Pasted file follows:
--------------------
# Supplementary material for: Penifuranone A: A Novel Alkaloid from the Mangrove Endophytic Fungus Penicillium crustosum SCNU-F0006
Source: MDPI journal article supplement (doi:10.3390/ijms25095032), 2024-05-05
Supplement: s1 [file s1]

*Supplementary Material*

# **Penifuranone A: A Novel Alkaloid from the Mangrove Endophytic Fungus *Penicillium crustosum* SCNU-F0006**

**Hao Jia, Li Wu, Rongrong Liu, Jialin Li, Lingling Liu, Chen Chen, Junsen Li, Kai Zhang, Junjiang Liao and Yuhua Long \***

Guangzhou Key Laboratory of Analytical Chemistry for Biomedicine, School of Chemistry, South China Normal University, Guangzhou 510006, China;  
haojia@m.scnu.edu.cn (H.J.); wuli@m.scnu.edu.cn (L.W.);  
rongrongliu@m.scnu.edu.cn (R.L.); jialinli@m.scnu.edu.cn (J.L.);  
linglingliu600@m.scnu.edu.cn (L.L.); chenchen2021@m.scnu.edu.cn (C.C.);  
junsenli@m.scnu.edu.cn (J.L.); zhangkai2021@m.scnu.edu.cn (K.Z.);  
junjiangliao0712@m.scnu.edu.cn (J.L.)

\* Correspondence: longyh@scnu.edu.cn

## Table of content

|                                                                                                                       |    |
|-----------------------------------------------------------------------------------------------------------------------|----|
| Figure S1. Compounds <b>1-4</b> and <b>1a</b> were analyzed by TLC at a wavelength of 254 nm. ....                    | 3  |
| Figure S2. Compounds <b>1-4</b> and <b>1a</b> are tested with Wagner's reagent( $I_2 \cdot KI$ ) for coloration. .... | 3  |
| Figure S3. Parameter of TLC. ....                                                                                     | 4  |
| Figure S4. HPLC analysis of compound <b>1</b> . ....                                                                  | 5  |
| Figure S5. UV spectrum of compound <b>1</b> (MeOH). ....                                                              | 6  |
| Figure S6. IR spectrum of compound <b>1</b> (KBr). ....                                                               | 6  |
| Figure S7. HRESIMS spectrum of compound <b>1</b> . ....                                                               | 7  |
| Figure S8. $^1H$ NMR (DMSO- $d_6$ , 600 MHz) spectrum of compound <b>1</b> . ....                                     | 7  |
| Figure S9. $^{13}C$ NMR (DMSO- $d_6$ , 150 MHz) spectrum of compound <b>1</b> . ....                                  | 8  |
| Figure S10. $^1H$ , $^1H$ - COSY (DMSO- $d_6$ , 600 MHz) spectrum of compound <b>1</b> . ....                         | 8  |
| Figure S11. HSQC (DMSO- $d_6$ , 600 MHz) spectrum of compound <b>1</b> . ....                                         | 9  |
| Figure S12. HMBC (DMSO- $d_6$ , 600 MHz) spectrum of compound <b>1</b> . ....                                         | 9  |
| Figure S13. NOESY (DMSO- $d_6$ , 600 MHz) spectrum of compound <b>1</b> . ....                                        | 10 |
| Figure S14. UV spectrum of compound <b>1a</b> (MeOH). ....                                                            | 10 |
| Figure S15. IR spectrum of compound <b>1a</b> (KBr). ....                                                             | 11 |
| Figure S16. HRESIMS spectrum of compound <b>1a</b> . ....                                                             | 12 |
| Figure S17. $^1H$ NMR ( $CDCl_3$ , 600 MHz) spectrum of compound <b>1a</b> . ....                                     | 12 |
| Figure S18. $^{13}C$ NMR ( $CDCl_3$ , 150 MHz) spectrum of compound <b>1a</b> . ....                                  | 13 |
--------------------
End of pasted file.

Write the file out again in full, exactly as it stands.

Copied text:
# Supplementary material for: Penifuranone A: A Novel Alkaloid from the Mangrove Endophytic Fungus Penicillium crustosum SCNU-F0006
Source: MDPI journal article supplement (doi:10.3390/ijms25095032), 2024-05-05
Supplement: s1 [file s1]

*Supplementary Material*

# **Penifuranone A: A Novel Alkaloid from the Mangrove Endophytic Fungus *Penicillium crustosum* SCNU-F0006**

**Hao Jia, Li Wu, Rongrong Liu, Jialin Li, Lingling Liu, Chen Chen, Junsen Li, Kai Zhang, Junjiang Liao and Yuhua Long \***

Guangzhou Key Laboratory of Analytical Chemistry for Biomedicine, School of Chemistry, South China Normal University, Guangzhou 510006, China;  
haojia@m.scnu.edu.cn (H.J.); wuli@m.scnu.edu.cn (L.W.);  
rongrongliu@m.scnu.edu.cn (R.L.); jialinli@m.scnu.edu.cn (J.L.);  
linglingliu600@m.scnu.edu.cn (L.L.); chenchen2021@m.scnu.edu.cn (C.C.);  
junsenli@m.scnu.edu.cn (J.L.); zhangkai2021@m.scnu.edu.cn (K.Z.);  
junjiangliao0712@m.scnu.edu.cn (J.L.)

\* Correspondence: longyh@scnu.edu.cn

## Table of content

|                                                                                                                       |    |
|-----------------------------------------------------------------------------------------------------------------------|----|
| Figure S1. Compounds <b>1-4</b> and <b>1a</b> were analyzed by TLC at a wavelength of 254 nm. ....                    | 3  |
| Figure S2. Compounds <b>1-4</b> and <b>1a</b> are tested with Wagner's reagent( $I_2 \cdot KI$ ) for coloration. .... | 3  |
| Figure S3. Parameter of TLC. ....                                                                                     | 4  |
| Figure S4. HPLC analysis of compound <b>1</b> . ....                                                                  | 5  |
| Figure S5. UV spectrum of compound <b>1</b> (MeOH). ....                                                              | 6  |
| Figure S6. IR spectrum of compound <b>1</b> (KBr). ....                                                               | 6  |
| Figure S7. HRESIMS spectrum of compound <b>1</b> . ....                                                               | 7  |
| Figure S8. $^1H$ NMR (DMSO- $d_6$ , 600 MHz) spectrum of compound <b>1</b> . ....                                     | 7  |
| Figure S9. $^{13}C$ NMR (DMSO- $d_6$ , 150 MHz) spectrum of compound <b>1</b> . ....                                  | 8  |
| Figure S10. $^1H$ , $^1H$ - COSY (DMSO- $d_6$ , 600 MHz) spectrum of compound <b>1</b> . ....                         | 8  |
| Figure S11. HSQC (DMSO- $d_6$ , 600 MHz) spectrum of compound <b>1</b> . ....                                         | 9  |
| Figure S12. HMBC (DMSO- $d_6$ , 600 MHz) spectrum of compound <b>1</b> . ....                                         | 9  |
| Figure S13. NOESY (DMSO- $d_6$ , 600 MHz) spectrum of compound <b>1</b> . ....                                        | 10 |
| Figure S14. UV spectrum of compound <b>1a</b> (MeOH). ....                                                            | 10 |
| Figure S15. IR spectrum of compound <b>1a</b> (KBr). ....                                                             | 11 |
| Figure S16. HRESIMS spectrum of compound <b>1a</b> . ....                                                             | 12 |
| Figure S17. $^1H$ NMR ( $CDCl_3$ , 600 MHz) spectrum of compound <b>1a</b> . ....                                     | 12 |
| Figure S18. $^{13}C$ NMR ( $CDCl_3$ , 150 MHz) spectrum of compound <b>1a</b> . ....                                  | 13 |